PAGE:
On the other hand, Westminster's prohibition of "bold and curious searchings into God's secrets" probably would inhibit the course of modern science, and we may all be in trouble if we commit sin by failure to do our work well, so that we may earn enough to help our neighbors (see the Heidelberg Catechism, Question 111).
Mr. Poppinga avers that he is troubled by only four of the sins enumerated in the Book of Confessions. Blushing, I must confess that I am troubled by many more, either because I do not understand them or because I am pretty sure I have done them and do not repent. Just as one example, it is part of my professional responsibilities to engage in "quarreling," which I have sometimes done in court even on behalf of my presbytery - and I do not repent in the least.
What is most interesting about Mr. Poppinga's argument is that it seems to me to prove more than he intended. He is able, by good, lawyerly arguments, to conclude that he is not really violating even the four passages that trouble him. That's what we lawyers do in a world where law rules: we distinguish our case as best we can from the law's strictures. If ordination is to be a matter of compliance with law, we will need lawyers (in Biblical times they were the pharisees) to demonstrate that our conduct, whatever it is, was not intended to be called "sin" by our confessions. I personally regret the waste of talent in this way, when our beloved Presbyterian Church (U.S.A.) is losing membership and failing to mediate God's love to our neediest neighbors.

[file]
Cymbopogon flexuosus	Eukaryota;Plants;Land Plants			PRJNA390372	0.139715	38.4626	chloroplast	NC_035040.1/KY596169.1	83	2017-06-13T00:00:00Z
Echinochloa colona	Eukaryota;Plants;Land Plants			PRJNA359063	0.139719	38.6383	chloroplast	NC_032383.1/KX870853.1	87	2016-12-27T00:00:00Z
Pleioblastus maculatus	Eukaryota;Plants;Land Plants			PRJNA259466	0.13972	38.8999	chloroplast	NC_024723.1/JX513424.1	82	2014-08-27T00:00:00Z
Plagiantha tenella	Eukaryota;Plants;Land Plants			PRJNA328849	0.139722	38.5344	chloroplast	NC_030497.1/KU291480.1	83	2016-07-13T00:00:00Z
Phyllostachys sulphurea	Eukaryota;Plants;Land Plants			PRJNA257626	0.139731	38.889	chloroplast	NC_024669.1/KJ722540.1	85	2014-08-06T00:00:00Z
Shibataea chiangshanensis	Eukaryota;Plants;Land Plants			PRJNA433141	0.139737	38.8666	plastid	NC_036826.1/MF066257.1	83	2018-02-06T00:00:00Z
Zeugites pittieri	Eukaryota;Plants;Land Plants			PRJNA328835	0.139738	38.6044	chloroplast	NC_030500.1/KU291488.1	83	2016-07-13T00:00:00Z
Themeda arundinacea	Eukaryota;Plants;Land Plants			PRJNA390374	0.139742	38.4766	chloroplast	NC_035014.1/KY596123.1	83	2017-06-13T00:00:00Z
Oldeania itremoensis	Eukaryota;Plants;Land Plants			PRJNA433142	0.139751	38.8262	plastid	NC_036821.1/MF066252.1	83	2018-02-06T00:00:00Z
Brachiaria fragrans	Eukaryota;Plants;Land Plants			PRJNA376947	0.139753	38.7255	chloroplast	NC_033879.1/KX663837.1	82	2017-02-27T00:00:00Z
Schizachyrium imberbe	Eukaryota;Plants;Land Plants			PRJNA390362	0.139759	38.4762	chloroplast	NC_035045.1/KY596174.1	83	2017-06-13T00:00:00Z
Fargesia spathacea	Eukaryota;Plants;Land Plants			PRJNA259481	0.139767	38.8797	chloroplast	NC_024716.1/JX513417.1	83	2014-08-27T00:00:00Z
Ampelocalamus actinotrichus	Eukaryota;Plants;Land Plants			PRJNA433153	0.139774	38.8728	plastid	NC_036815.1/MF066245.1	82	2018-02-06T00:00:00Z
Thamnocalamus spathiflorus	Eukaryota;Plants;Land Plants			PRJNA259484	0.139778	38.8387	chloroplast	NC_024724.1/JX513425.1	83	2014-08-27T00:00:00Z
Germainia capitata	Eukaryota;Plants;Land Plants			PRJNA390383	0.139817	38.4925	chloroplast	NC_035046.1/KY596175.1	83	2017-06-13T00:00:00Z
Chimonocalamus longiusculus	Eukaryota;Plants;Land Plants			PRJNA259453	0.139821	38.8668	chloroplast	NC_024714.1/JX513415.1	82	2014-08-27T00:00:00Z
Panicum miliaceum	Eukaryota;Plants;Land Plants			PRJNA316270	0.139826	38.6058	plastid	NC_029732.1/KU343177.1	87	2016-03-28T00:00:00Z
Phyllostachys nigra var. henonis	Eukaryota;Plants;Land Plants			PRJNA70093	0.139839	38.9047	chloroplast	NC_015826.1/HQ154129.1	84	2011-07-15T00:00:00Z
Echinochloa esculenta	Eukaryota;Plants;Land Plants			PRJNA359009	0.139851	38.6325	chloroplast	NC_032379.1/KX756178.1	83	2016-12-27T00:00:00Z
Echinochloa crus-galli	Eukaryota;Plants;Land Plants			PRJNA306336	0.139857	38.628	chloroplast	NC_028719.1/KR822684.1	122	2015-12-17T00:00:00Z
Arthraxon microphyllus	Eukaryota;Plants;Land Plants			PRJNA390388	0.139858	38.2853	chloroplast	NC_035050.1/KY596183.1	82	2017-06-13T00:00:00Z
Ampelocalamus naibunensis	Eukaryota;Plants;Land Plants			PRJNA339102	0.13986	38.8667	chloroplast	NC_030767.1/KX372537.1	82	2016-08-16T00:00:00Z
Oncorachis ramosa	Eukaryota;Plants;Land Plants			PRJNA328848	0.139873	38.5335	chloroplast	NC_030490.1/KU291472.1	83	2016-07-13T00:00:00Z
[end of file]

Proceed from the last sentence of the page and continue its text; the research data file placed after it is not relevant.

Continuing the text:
Maybe one day, sooner or later, Mr. Poppinga and the other faithful Presbyterians in Montclair, New Jersey, will discover in their midst a man or woman who is active in the work of the church, well grounded in Reformed theology, generous with his or her pledge to the church, well respected by all members of the congregation and of good reputation in the community, and . . . . living in a committed and faithful relationship with another person to whom he or she is not married. Perhaps it will be clear to them that God has called this person to service as an elder of their congregation. What, then, to do?
If I follow Mr. Poppinga's logic, perhaps they will then say to one another, "Whatever those obscure Biblical passages mean, they can't possibly mean that _____ here is committing a sin or that we should ignore God's call to him or her." Then they will ordain _____, will have the benefit of another faithful servant of God to serve them with intelligence and energy, and we'll all be singing again from the same page of the Hymnal.
And perhaps the song we will sing will be a new one, that neither of us has as yet imagined:
I will stand at my watchpost, and station myself on the rampart; I will keep watch to see what he will say to me, and what he will answer concerning my complaint. Then the Lord answered me and said: Write the vision; make it plain on tablets so that a runner may read it. For there is still a vision for the appointed time; it speaks of the end and does not lie. If it seems to tarry, wait for it; it will surely come, it will not delay. (Habakkuk 2:1-3. One must note that in this passage Habakkuk is violating our Book of Confessions by complaining about God's responsiveness! See Westminster Larger Catechism, Q. 103.)